As Russia’s military invasion in Ukraine enters its eighth month, Moscow is steadily losing strategic superiority as Ukraine retakes lost territory through its tremendously successful counterattacks. Russia’s defeat along the Kharkiv-Lyman front and its retreat in Kherson, compounded by the difficulties of implementing its partial mobilization order, have diminished Moscow’s optimism regarding the war’s outcome. To rectify Russia’s increasingly weak strategic position and depleted weapons stockpiles, Moscow has turned to its long-term partners—namely China, Iran, and North Korea—to meet its needs for combat drones, modern artillery pieces, and ammunition.
In July, the White House claimed that Iran was preparing to supply Russia with hundreds of weapons-capable drones for use in Ukraine. According to U.S. National Security Advisor Jake Sullivan, “information further indicates that Iran is preparing to train Russian forces to use these UAVs, with initial training sessions slated to begin as soon as early July.” These allegations caused an uproar in Ukraine and the West, though Tehran categorically denied the charge. American reports were confirmed in late-September, when Ukrainian forces shot down Iranian combat drones in the eastern Dnipropetrovsk region, the southern city of Odesa, and the nearby Pivdennyi port. The Ukrainian Defense Ministry identified the downed aerial vehicles as Shahid-136 unmanned kamikaze drones and Mohajer-6 drones, which can carry missiles or perform reconnaissance missions.
Unlike Russian-made combat drones, Iranian kamikaze drones are relatively small and can travel long distances—up to 2,500 kilometers—at a maximum speed of 185 km/h. Iranian drones are often equipped with an explosive warhead and fly at a very low altitude, making them difficult for Ukrainian air-defense systems to detect. Indeed, in late September, one of the drones slipped past Ukrainian defenses and struck the Ukrainian navy’s headquarters in Odesa.
Iran has long invested in its national drone program to enhance its air power and provide force-multipliers to its proxy forces across the Middle East. Hezbollah and the Houthi rebels have utilized Iranian drone technology to great effect against the Islamic Republic’s regional rivals. The former has used Iranian drones to target Israel and penetrate its advanced missile-defense system, and the Houthis have conducted drone attacks against Saudi Arabia. Tehran is once again drawing from this playbook to supply Russian armed forces.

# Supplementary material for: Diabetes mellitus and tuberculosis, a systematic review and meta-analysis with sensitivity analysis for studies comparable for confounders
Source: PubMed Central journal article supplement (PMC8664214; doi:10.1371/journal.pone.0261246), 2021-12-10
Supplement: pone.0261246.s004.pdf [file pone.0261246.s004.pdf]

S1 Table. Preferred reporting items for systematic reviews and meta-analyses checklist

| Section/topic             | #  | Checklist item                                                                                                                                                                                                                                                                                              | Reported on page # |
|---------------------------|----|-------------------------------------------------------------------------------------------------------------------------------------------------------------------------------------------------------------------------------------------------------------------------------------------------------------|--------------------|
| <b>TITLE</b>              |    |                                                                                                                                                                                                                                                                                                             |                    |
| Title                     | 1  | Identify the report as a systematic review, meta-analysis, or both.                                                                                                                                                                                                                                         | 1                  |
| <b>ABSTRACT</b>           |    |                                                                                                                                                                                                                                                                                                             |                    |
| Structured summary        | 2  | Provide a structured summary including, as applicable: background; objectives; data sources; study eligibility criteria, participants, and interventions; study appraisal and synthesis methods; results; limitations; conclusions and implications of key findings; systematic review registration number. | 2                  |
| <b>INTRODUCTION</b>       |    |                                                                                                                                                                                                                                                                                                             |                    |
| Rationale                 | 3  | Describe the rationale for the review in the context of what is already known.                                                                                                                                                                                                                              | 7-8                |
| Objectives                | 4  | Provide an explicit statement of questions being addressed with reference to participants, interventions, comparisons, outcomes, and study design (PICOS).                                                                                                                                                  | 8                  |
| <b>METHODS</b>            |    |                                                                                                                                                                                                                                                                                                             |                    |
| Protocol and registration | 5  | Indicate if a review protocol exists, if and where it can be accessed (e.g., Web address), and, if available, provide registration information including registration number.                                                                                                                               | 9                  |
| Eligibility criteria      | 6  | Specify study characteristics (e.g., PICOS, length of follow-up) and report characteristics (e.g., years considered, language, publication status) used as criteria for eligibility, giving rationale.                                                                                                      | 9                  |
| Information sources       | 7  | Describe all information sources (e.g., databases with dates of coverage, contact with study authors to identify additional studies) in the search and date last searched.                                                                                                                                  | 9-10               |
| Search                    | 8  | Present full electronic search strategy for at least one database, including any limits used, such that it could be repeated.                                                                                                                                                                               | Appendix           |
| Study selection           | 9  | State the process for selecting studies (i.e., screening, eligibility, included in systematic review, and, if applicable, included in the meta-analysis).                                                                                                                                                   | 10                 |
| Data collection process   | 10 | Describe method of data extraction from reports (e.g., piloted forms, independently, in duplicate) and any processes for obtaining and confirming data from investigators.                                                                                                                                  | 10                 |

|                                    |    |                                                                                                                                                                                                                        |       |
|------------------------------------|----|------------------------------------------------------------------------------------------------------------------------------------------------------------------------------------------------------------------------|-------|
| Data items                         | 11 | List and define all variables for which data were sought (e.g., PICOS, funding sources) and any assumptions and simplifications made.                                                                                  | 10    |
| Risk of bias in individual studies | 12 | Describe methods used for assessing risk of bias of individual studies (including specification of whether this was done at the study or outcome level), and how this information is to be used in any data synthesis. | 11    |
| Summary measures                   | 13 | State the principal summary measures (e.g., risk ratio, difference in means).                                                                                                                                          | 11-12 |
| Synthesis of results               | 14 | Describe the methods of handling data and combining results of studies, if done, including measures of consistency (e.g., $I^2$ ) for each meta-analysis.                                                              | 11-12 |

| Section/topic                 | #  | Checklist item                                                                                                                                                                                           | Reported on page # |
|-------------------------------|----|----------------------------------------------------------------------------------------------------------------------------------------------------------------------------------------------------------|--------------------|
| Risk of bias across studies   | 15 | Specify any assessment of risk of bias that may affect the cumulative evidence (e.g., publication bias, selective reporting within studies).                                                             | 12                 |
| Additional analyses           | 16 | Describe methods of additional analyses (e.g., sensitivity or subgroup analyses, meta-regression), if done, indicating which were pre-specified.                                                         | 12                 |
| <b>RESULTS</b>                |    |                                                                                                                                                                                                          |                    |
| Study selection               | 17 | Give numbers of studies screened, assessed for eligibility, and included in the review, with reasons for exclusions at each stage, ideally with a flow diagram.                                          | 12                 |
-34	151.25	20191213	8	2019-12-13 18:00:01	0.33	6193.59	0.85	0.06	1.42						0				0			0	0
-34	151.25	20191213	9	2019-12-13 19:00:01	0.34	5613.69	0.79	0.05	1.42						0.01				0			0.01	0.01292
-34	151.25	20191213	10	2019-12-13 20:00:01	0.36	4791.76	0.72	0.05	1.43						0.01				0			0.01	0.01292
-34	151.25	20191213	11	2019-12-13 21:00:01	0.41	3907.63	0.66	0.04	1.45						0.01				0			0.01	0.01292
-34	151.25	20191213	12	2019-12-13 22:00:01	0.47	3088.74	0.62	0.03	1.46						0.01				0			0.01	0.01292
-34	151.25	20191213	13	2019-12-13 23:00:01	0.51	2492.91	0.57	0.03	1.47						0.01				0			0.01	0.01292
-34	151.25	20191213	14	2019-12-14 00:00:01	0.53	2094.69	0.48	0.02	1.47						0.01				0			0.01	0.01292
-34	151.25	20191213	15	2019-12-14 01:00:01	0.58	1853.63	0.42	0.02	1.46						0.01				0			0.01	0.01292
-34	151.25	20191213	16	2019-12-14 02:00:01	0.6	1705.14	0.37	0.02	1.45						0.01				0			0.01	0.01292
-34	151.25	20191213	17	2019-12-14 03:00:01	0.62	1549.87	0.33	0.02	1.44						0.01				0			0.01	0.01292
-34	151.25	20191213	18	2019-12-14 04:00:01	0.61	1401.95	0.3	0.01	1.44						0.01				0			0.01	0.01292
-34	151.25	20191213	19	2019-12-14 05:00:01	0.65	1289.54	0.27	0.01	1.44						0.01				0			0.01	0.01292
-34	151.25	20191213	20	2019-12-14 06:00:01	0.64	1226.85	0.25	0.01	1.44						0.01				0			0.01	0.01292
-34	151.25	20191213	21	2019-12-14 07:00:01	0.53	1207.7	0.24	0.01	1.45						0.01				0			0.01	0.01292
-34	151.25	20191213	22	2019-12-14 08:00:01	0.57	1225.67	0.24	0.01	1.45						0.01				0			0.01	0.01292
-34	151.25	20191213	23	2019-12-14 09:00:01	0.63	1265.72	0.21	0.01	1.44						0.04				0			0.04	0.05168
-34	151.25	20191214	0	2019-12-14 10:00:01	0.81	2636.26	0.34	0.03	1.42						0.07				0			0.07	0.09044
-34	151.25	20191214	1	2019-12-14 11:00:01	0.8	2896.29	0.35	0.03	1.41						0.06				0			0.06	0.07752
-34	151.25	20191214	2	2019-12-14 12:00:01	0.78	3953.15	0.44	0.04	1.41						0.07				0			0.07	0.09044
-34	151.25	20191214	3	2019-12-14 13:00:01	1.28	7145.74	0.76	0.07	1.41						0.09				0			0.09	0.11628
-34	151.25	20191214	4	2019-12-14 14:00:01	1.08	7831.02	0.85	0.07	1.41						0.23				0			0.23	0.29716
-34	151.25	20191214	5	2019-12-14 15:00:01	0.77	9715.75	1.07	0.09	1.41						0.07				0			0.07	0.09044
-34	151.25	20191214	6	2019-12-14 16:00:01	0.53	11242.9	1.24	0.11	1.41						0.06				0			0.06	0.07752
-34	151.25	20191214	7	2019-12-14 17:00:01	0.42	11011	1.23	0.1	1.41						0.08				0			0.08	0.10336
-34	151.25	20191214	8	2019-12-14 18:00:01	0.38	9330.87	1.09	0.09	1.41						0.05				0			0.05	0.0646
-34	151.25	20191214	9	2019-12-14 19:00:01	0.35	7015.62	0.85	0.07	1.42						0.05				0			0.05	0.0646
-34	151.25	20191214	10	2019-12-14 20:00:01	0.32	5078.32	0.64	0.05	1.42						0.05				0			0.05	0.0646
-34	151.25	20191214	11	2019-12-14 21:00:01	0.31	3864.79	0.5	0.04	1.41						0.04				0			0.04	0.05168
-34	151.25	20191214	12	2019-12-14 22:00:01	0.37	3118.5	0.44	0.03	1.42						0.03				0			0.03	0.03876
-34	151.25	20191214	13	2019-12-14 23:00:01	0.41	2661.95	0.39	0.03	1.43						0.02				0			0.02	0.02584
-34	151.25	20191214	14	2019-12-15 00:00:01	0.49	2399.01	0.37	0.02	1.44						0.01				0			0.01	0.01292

The first shipment of Iranian drones reportedly arrived in Russia on August 19, when Russian transport planes departed Iran containing “at least two types of unmanned aerial vehicles, both capable of carrying munitions for attacks on radars, artillery, and other military targets.” According to sources, the deal had been negotiated over several months by a team led by Brigadier General Seyed Hojjatollah Qureishi, the chief of the supply and logistics division of Iran’s Defense Ministry, and Russia’s military attache in Tehran. As a part of the agreement,Russian military officers traveled to Iran for training, and Iranian technical experts flew to Russia to set up the systems.
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Russia’s extensive use of Iranian Shahid drones against Ukrainian forces demonstrates a significant expansion of Tehran’s military reach beyond the Middle East. Simultaneously, using Iranian drones in Ukraine highlights the deficiencies of Russia’s own drone program, which has largely failed to produce effective combat drones in large numbers. Iranian drones, meanwhile, have proven their worth. Recent video footage showed Shahids destroying several Ukrainian targets.
While importing a large number of Iranian-made drones may fill a crucial munitions gap for Russia, Iran has its sights set on strengthening its military position and modernizing its own weaponry—an opportunity made even more exploitable by the expiration of the UN-imposed arms embargo in October 2020 as part of the JCPOA deal. Unlike Russia’s drone systems, Iranian-manufactured loitering munitions can reliably hit targets from long range. Russia has grown increasingly desperate to obtain this capability amid its dwindling stocks of ballistic missiles.
Iran’s efforts to arm Russia and its proxy forces in the Middle East suggest that Iran is keen to establish itself as a top arms exporter and compete with Turkey—a powerful geopolitical rival—for regional influence. By demonstrating its drones’ effectiveness in Ukraine, Iran can offer an alternative to Turkey’s famed Bayraktar TB2 UAVs. In fact, the relatively cheap and straightforward technology used in Iranian drones make them affordable for pariah states and other regional actors plagued with long-term domestic violence.
For now, Iran is a desirable military partner and arms exporter for Russia, given the latter’s serious supply shortages and terrible logistics management in Ukraine. In the words of U.S. Defense Department spokesperson Todd Breasseale, “Russia deepening their alliance with Iran is something that the whole world—and especially those in the region—should watch and see as a profound threat.” Although Iran’s official rhetoric claims that “Tehran is seeking a diplomatic settlement of the conflict in Ukraine,” its drone exports have made it a key actor, if not a de facto belligerent, in Moscow’s ongoing war.